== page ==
Resurrection Day This Year
This year, on Easter, I found myself contemplating two very poignant and intense truths. Both of these truths seem simple enough. But, if you really think about it, they are piercing. They are mind blowing. They are heart wrenching. And, they are wonderful. What are these truths, you might ask? (And, if you weren’t going to ask, let’s just pretend you were. For me.)
I will see my husband again.
And, Jesus made that possible.
Jesus died for us. Right. I know this. I’ve been taught this since I was a child. I understood that He shouldered my sins, and despite who and what I would be, He decided to die for me, so that I could have the choice to follow Him and live by His side forever.
I thought I understood the pain he went through, the anguish. I mean, I have seen “The Passion.” Joking… But, in all serious now, I knew that He took on each of our sins, that He was blameless, and that He didn’t HAVE to be ridiculed for me.
But, I never really understood the immense implications here. Not until this year. Not until I watched my husband die. I watched him go through the intense physical and emotional pain that accompanies a life slowly sputtering out, a resistant flame fading to smoke.
The cross has taken on a whole new meaning for me. Without Jesus’ choice to lay down His power… Without His decision to overcome death…. Without His redeeming and relentless love… None of us would have the chance to live forever. Do you understand what I’m saying here?
Some people say that they don’t believe in Jesus or in God. They think that “religion” was built to quell the curiosities of man. That believing in God is a last ditch effort to make sure we have something to hold onto when life gets too hard
I get that living forever sounds easy, but honestly, if Jesus were all made up, why would the story be so hard to hear and His love be so hard to accept? This isn’t easy. A grace like His is hard to receive. To know that no matter what you’ve done, what you’ve thought, no matter who you are, that Jesus loves you and wants you and pursuits you. That He died for YOU. If you really think about it that is a very, very uncomfortable thought. (And, it’s not just uncomfortable because we are talking about “death” again.) It’s uncomfortable because He CHOSE to die for YOU. To give YOU a gift that you could never ever hope to repay.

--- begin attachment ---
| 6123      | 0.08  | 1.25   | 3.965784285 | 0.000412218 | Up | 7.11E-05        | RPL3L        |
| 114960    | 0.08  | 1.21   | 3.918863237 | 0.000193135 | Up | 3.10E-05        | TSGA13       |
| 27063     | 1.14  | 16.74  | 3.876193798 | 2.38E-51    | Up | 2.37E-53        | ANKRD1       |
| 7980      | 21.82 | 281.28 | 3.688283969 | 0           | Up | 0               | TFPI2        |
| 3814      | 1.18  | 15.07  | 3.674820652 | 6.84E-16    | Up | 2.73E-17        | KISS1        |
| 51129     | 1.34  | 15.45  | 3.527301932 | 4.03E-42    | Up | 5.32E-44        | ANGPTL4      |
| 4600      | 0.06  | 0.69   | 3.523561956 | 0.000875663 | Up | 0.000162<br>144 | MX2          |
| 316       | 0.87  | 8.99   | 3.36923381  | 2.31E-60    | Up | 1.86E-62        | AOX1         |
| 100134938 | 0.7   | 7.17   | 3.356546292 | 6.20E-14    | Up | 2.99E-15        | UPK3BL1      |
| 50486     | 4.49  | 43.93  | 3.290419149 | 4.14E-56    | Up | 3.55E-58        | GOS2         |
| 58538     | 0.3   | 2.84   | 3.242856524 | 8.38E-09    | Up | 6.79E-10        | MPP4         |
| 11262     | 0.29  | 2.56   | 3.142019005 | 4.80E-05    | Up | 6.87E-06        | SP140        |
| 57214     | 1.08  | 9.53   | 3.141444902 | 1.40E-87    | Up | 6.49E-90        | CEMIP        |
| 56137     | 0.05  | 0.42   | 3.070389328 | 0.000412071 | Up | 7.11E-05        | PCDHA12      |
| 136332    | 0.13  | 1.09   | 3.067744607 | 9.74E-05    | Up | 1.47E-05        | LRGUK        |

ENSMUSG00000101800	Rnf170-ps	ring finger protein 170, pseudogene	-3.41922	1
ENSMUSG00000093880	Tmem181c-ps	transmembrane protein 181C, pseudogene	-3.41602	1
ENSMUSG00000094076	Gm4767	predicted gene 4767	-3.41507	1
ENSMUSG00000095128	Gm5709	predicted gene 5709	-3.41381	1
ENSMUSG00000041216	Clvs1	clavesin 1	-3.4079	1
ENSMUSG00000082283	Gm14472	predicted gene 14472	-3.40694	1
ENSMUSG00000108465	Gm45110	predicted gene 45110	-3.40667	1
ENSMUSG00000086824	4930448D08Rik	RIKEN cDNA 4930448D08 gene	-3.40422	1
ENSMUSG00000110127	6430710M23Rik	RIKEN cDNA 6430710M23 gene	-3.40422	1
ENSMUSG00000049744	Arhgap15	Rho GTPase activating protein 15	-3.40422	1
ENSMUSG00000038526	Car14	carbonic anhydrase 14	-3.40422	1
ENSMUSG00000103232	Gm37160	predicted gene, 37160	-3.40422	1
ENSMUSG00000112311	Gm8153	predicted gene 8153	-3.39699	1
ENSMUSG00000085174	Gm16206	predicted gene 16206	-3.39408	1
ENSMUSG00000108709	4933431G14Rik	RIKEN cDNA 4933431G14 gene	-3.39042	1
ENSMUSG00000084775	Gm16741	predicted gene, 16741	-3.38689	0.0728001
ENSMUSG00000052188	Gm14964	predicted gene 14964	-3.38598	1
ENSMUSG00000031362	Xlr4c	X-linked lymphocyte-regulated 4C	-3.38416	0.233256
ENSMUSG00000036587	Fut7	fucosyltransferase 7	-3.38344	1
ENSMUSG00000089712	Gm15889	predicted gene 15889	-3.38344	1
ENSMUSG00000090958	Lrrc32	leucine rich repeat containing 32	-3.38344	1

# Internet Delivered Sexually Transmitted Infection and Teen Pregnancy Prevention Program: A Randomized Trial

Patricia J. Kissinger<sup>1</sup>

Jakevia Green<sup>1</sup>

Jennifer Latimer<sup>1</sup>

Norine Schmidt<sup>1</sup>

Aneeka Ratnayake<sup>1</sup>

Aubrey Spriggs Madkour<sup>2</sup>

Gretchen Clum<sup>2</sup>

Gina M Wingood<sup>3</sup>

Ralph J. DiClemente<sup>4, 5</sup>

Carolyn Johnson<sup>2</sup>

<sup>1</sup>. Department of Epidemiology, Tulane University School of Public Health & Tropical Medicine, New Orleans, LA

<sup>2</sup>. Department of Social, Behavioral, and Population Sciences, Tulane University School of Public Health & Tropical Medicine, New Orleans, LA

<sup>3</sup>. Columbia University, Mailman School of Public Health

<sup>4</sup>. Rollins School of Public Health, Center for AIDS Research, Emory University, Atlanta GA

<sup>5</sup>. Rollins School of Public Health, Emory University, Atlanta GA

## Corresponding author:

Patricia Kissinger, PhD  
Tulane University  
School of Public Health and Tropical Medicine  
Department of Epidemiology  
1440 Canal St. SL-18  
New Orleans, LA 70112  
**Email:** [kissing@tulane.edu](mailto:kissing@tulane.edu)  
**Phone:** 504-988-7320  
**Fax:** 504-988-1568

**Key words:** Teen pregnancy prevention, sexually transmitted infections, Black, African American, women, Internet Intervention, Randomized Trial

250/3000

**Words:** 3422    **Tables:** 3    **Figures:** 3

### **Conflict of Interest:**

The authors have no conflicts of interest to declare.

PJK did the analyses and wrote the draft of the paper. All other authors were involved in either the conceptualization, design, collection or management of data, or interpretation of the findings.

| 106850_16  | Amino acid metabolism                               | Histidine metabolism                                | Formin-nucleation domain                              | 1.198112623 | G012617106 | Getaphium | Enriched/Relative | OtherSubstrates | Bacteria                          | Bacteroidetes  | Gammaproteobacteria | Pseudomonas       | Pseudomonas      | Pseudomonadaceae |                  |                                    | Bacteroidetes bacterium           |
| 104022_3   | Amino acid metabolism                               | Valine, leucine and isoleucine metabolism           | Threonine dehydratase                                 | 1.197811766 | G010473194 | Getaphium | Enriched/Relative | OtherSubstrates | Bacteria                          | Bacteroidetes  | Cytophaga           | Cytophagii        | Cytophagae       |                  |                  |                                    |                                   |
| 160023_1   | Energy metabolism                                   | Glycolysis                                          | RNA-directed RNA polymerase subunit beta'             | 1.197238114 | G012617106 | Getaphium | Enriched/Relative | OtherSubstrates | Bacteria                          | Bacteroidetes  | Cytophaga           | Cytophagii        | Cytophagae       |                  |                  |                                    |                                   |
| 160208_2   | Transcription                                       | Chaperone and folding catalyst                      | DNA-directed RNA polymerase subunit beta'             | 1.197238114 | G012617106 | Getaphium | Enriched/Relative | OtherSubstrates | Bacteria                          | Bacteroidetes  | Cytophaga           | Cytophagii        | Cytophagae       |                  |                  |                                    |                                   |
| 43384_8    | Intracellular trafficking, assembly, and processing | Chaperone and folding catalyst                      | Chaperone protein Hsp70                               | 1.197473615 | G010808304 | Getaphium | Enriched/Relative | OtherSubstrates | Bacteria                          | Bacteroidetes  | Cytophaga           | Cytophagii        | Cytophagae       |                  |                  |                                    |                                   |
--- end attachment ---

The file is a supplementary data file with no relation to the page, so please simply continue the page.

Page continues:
Many people have asked how I get up in the morning. How I could put on makeup or make it to the gym or write a blog post. How am I “moving on” so quickly… or at all? To give you an honest answer; I am not moving on. And, I never will.
But, I AM choosing to move FORWARD with Nick’s memory always in my heart. He has taught me many lessons. One of them was that we CAN NOT waste time. That every moment and every single breath, counts. I know that I WILL NOT waste it.
I’m trying to use any moments I have left to not only make Nick proud, but mainly honor the gift God gave me; His gifts of life, mercy, and of love. I don’t know if I’m ever going to be able to express the immense closeness that I have felt from Jesus through this time. I don’t know how to tell you about it in a blog post. I don’t know if there will ever be words adequate enough. But, I do know that I can try. And, so I shall try.
Jesus is real. He is NOT a religion. He is a personal friend, a real father, and a true savior. I hope that, if you haven’t already, someday you will take the time to look into Him for yourself. Don’t look at others. Don’t even look at me. Seek Him and know Him for who He is. I promise you won’t be disappointed when you find Him. And, I sincerely hope that you do so before your experience with death becomes all too personal.
Really appreciate your time. Thanks for reading. Feel free to share this post and your comments if this has touched you in some way. I may not always be able to get back to you but I do see and appreciate each and every one.
If you’re the reading type and want more… Send me an email at Alyssa.Magnotti (at) gmail.com if you would like a few book recommendations on Grief, Loss, Death, why bad things happen to good people, or on Jesus in general. I’ve been running across some truly great ones.
If you are more of a visual person… Here’s a great video by my friend Jefferson Bethke that I shared on Facebook a while back that expresses fairly clearly who Jesus is. It’s not about what you DO. It’s about what He’s DONE. Take a look.